Swavesey is a village in Cambridgeshire, close by the major A14 route between Cambridge and Huntingdon, the old Roman Via Devana. The village stands on the Greenwich Meridian and is to be found is 9 miles northwest of Cambridge and 3 miles south east of St Ives, Huntingdonshire.
The Cambridgeshire Guided Busway passes through Swavesey, on the line of the old railway, closed in the 1970s.
Swavesey is on a narrow clay ridge rising to 60 feet above sea level at one time surrounded by fenland. The village was of importance during the early Middle Ages as the centre of a large 11th-century estate. A castle was built here in the late 11th or early 12th century, though is believed to have been derelict by 1200.
Swavesey served as a port and subsequent market town and was fortified at the end of the 12th century.
There was already a church in Swavesey at the time of the Norman Conquest, possibly a minster, when Alan, Count of Richmond, granted it to the Abbey of St Sergius and St Bacchus in Angers in Anjou. The Abbey founded an alien priory there by 1086, but the priory was awarded to Alan la Zouche, lord of Swavesey manor, by the start of the 14th century.
Roman pottery has been found in the parish.
The present parish church in Swavesey, dedicated to St Andrew since the 11th century, has a double aisle aspect to its nave. The east window in the Lady Chapel contains a 1967 Tree of Jesse by Francis Skeat. The present building has parts dating from the 11th century, but was substantially improved over the following four centuries.
A Unitarian chapel was built in 1831 on the corner of School Lane and High Street, and the congregation moved to a new Baptist chapel in 1869. The original Unitarian chapel was bought by a group of Methodists and served as their church until it was converted into a bungalow in 1934.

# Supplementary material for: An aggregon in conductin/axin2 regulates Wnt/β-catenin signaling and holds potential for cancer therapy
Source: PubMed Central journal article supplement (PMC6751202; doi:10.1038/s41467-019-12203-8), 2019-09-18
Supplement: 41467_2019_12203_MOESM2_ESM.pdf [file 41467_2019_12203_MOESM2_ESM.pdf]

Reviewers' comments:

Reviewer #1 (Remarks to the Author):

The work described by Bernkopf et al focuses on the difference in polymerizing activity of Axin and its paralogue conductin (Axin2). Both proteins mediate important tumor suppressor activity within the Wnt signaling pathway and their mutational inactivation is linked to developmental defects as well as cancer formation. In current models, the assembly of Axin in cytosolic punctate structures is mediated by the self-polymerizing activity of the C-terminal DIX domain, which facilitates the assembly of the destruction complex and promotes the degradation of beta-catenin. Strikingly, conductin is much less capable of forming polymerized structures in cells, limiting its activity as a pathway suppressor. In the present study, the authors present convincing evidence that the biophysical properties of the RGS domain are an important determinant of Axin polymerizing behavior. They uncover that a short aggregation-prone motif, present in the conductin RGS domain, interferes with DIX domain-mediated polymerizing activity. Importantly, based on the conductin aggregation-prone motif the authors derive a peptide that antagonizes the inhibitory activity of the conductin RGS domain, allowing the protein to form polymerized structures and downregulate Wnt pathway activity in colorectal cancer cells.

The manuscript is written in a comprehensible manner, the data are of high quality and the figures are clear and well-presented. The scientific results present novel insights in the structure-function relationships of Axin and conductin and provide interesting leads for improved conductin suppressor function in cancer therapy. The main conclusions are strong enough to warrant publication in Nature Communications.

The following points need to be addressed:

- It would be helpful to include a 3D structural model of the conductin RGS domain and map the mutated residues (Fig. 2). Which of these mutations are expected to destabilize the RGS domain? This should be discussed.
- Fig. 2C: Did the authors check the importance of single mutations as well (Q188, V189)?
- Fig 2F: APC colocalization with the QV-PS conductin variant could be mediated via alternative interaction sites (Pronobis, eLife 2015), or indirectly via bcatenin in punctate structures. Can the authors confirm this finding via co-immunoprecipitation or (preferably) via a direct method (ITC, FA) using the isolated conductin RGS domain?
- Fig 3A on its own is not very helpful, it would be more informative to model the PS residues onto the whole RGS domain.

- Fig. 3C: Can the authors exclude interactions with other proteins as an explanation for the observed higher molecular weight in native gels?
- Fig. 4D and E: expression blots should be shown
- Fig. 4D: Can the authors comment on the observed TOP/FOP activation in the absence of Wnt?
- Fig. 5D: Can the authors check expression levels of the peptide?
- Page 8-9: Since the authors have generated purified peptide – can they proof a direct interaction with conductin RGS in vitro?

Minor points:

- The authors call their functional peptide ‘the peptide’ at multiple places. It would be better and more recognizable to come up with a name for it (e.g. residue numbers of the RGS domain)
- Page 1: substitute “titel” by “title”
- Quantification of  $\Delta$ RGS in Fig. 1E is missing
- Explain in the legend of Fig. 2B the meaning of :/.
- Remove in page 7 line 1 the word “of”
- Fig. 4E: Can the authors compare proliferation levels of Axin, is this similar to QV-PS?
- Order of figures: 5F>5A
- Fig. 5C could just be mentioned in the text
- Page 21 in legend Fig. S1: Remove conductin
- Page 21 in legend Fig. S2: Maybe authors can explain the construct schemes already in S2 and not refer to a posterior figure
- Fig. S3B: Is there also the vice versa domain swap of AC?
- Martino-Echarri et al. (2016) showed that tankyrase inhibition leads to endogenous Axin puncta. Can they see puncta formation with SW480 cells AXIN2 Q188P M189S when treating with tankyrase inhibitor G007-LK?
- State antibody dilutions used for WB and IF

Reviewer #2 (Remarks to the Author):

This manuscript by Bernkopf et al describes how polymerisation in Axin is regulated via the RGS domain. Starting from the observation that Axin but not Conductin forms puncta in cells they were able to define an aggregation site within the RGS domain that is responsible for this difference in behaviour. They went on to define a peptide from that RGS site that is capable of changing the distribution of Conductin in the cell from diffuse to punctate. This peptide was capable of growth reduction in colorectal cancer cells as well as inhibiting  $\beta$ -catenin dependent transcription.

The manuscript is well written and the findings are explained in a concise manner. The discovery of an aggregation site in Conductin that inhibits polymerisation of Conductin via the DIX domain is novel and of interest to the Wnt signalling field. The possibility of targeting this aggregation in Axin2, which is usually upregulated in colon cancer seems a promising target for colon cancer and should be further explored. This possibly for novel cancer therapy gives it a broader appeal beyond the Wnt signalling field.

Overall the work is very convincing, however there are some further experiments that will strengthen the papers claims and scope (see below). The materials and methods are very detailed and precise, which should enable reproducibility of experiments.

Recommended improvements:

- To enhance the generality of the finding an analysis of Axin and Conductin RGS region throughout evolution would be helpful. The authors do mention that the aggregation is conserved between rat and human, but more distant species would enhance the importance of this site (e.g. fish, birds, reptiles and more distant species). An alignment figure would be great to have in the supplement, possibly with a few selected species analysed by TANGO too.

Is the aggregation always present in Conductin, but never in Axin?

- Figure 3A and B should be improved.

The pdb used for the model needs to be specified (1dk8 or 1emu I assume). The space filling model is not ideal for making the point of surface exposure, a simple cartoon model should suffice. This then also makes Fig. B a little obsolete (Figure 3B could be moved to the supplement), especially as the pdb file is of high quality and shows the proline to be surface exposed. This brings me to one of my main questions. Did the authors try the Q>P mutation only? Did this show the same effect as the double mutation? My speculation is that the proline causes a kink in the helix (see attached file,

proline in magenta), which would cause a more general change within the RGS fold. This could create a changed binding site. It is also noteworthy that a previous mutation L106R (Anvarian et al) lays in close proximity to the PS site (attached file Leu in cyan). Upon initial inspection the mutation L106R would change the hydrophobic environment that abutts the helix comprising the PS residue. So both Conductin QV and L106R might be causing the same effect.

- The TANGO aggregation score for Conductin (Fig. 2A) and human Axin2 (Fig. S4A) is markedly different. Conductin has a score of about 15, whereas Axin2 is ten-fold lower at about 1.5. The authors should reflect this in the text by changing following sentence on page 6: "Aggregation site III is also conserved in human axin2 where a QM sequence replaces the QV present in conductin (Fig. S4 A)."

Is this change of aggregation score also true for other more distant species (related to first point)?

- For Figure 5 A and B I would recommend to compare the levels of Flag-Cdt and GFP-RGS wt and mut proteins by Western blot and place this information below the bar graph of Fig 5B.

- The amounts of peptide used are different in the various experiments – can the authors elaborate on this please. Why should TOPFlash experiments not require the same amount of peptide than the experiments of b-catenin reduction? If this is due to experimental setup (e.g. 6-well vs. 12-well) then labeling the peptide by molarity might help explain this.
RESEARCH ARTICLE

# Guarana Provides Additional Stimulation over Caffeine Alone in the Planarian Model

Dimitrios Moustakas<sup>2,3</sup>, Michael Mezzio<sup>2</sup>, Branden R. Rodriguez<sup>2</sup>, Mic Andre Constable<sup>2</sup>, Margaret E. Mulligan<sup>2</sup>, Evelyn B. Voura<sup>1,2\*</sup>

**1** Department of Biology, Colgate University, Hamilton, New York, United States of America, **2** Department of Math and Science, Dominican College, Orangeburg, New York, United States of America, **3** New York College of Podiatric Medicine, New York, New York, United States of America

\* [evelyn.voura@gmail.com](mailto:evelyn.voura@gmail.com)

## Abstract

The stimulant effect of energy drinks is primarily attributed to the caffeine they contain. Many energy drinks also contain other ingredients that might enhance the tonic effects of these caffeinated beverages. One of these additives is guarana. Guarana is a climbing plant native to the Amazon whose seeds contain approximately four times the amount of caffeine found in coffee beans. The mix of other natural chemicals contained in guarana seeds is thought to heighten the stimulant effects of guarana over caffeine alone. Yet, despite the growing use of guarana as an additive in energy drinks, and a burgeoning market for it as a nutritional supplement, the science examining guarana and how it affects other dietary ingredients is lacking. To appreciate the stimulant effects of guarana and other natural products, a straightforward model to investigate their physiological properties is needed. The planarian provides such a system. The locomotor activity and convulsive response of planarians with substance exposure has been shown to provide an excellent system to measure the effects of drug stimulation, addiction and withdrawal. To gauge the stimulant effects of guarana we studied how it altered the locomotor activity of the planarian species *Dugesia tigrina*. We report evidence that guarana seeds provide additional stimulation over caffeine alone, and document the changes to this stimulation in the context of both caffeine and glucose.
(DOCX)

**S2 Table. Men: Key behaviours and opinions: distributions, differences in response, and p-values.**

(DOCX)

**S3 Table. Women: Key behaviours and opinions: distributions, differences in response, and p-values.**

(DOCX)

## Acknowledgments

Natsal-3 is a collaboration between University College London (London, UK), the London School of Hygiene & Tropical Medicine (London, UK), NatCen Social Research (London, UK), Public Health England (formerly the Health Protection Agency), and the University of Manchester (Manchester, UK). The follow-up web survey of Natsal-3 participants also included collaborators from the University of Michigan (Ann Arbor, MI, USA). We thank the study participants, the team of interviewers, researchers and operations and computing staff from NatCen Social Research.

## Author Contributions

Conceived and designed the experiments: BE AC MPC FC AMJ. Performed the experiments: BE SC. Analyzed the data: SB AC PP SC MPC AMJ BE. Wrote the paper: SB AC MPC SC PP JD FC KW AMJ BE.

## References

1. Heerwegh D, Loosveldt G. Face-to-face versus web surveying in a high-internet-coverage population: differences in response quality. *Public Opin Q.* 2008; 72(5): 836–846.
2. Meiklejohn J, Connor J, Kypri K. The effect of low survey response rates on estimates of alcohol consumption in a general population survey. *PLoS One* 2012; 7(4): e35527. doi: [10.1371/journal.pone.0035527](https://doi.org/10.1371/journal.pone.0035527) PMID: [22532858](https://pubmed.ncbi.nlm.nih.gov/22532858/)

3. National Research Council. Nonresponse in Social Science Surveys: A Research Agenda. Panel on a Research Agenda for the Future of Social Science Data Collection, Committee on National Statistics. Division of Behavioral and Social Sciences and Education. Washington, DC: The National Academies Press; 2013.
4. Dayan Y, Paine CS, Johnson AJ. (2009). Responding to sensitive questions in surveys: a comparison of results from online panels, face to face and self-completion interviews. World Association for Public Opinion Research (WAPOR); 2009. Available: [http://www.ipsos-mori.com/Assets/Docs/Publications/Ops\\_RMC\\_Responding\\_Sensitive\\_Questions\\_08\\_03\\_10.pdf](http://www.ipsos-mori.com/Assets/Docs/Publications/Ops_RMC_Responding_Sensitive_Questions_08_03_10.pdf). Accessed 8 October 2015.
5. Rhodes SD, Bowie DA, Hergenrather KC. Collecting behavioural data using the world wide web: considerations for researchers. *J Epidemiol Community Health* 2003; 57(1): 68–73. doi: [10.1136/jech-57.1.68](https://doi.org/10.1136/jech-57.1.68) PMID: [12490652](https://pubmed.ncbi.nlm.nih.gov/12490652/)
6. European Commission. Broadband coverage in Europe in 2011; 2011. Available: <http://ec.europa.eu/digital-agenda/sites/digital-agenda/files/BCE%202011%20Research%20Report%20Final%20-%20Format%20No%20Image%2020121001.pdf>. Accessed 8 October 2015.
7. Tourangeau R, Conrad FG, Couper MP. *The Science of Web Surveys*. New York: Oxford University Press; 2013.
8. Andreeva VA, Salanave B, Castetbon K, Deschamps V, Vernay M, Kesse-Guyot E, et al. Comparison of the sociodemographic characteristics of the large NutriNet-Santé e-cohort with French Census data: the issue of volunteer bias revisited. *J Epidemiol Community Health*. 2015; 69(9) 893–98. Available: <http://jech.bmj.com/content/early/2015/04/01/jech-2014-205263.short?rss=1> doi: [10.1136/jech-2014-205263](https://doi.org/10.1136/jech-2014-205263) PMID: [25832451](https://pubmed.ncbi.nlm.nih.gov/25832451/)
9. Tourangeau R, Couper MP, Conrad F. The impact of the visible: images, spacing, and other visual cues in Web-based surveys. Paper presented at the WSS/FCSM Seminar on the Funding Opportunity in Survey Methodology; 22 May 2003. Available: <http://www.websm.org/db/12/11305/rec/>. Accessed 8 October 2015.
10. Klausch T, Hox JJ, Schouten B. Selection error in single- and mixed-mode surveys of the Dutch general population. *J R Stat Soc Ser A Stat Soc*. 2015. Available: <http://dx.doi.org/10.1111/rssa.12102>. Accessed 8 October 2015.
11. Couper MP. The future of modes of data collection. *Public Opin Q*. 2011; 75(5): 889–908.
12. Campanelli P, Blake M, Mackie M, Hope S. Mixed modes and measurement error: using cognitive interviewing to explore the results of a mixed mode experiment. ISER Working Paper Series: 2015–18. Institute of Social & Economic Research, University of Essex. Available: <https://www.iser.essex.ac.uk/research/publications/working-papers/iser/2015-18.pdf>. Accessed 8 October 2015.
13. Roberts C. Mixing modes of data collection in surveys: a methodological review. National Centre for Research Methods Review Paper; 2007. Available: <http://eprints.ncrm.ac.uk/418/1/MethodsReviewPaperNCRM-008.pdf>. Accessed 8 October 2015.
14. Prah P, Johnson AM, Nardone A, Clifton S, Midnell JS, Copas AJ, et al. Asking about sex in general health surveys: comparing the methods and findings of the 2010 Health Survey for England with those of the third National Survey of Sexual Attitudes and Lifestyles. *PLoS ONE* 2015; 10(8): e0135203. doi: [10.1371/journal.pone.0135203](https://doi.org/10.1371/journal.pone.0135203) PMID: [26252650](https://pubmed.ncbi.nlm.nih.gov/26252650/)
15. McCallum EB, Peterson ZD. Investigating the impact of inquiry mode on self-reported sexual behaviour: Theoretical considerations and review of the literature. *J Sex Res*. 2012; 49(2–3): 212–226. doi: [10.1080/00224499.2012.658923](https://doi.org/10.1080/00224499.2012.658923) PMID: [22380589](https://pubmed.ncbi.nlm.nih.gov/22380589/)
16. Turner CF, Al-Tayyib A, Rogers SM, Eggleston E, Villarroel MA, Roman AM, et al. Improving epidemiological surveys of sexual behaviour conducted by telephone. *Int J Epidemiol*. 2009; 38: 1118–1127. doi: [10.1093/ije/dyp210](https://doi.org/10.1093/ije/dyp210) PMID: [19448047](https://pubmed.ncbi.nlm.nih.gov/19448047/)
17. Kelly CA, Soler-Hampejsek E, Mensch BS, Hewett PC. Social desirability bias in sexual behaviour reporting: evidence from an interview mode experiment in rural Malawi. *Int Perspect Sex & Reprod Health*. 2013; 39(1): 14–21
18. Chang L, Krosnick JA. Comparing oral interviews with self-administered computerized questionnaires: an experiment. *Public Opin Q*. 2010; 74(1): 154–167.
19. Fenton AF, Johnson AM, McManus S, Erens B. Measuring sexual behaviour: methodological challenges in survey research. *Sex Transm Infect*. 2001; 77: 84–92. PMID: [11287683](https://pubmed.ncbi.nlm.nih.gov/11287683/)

The parish's north border is formed by the River Great Ouse, formerly an important transport link. The parish's south west border runs along the Via Devana, the old Roman road, that now provides the route of the A14.
Farming is the main industry in and around Swavesey, although most residents commute to work. A sail-less windmill stands in fields near the village.
There are 3 pubs listed in the village in 1765 and 8 by the early 19th century. By the late 19th century this number had risen to 16, but dropped to 8 by 1912, and only 3 by 1960. Since then the only public house in the village centre has been the White Horse Inn, open since at least 1765, adjacent to the village post office and shop. Notable former pubs include the Rose and Crown on the corner of Boxworth End and Rose and Crown Road which was open by 1765 but closed in the 1880s. The Black Horse on the corner of High Street and Black Horse Lane served from around 1777 until 1910. The Swan (later the Swan with Two Necks) on Station Road was open from around 1777 to 1917. The Blue Bell was active from the late 18th century until around the Second World War. And the George and Dragon also opened in the late 18th century and closed in the first years of the 20th century.
The village's post office opened in the 1850s.
Swavesey Recreation Green off the High Street is a Queen Elizabeth II Field.
The MG Owners' Club has its UK headquarters just outside the village.
- The Meridian, the village's own community magazine
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- A. D. Mills (2003). A Dictionary of British Place-Names.
- A History of the County of Cambridge and the Isle of Ely - Volume 9: Chesterton, Northstowe, and Papworth Hundreds (1989), pages 374–381
- Low, Malcolm (January 2006). "Swavesey, Cambridgeshire, St. Andrew's Church" (PDF). Tree of Jesse. Malcolm Low TSSF. p. 51. http://homepage.ntlworld.com/m.low1/treeofjesse.pdf. Retrieved 25 December 2010.